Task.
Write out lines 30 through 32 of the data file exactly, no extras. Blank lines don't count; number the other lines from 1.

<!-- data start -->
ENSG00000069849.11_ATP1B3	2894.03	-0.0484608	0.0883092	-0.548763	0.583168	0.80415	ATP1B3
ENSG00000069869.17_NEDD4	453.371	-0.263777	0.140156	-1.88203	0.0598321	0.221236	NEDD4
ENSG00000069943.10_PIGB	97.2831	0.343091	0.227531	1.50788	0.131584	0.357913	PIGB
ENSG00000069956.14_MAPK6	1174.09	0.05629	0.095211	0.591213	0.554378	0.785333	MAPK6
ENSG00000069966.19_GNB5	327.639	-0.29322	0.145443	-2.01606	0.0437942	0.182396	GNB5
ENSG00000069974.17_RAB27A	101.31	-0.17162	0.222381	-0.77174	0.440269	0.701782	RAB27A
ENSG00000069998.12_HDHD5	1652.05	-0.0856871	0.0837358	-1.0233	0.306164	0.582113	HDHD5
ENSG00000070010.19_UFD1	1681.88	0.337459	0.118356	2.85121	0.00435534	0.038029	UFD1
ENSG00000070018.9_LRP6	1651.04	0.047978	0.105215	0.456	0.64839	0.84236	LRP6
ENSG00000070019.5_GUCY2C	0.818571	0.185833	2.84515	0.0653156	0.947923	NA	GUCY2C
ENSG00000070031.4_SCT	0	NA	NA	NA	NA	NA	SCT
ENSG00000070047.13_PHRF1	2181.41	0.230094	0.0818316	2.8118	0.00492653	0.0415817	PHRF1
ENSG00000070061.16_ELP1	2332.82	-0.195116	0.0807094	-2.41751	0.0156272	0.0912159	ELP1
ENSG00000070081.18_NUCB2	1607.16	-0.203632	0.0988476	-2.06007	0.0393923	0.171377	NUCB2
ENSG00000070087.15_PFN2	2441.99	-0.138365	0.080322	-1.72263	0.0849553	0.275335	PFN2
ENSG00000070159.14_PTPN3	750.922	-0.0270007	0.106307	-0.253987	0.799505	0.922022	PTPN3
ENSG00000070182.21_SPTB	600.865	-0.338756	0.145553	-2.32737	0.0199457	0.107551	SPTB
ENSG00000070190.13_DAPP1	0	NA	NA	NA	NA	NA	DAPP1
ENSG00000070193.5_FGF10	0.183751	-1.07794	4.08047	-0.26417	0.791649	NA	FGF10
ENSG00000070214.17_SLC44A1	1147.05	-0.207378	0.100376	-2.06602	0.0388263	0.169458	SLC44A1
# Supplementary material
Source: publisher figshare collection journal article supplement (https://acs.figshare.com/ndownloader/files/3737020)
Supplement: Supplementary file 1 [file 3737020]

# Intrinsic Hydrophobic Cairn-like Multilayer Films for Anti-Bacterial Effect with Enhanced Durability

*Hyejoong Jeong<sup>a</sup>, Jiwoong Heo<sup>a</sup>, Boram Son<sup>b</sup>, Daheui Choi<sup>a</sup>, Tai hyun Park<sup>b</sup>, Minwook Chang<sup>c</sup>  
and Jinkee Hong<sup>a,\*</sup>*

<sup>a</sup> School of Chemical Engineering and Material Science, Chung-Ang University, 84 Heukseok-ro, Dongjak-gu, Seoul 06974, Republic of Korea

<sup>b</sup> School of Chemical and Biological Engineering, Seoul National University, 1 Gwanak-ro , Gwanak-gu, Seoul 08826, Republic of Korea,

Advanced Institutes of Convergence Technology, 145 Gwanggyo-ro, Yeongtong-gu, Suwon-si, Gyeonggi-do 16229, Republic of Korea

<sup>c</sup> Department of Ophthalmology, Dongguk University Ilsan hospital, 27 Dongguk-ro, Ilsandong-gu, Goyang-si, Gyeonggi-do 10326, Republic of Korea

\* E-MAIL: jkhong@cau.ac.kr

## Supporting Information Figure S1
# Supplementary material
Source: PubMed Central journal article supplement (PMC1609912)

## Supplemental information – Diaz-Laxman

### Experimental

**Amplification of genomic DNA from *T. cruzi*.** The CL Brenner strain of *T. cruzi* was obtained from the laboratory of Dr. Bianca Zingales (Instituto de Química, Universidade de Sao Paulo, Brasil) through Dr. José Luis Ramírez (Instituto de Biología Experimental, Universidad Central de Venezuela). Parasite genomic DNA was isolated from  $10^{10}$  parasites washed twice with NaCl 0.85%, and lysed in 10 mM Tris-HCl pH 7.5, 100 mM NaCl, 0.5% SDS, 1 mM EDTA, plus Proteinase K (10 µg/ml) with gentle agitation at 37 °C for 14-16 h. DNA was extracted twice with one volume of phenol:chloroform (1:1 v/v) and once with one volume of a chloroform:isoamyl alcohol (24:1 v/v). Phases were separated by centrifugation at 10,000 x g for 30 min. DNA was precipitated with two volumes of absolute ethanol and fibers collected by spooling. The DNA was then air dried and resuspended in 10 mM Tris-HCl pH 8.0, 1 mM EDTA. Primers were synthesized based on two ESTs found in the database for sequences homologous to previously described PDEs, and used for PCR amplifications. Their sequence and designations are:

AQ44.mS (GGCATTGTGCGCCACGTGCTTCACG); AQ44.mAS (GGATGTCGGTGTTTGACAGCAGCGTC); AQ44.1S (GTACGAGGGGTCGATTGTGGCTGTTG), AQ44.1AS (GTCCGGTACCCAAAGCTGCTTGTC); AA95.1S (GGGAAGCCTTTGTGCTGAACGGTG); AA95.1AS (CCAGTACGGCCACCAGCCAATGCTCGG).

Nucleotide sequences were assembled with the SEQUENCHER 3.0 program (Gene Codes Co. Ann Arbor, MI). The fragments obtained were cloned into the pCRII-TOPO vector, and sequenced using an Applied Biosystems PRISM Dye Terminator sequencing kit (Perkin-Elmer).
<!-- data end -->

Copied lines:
<sup>c</sup> Department of Ophthalmology, Dongguk University Ilsan hospital, 27 Dongguk-ro, Ilsandong-gu, Goyang-si, Gyeonggi-do 10326, Republic of Korea

\* E-MAIL: jkhong@cau.ac.kr

## Supporting Information Figure S1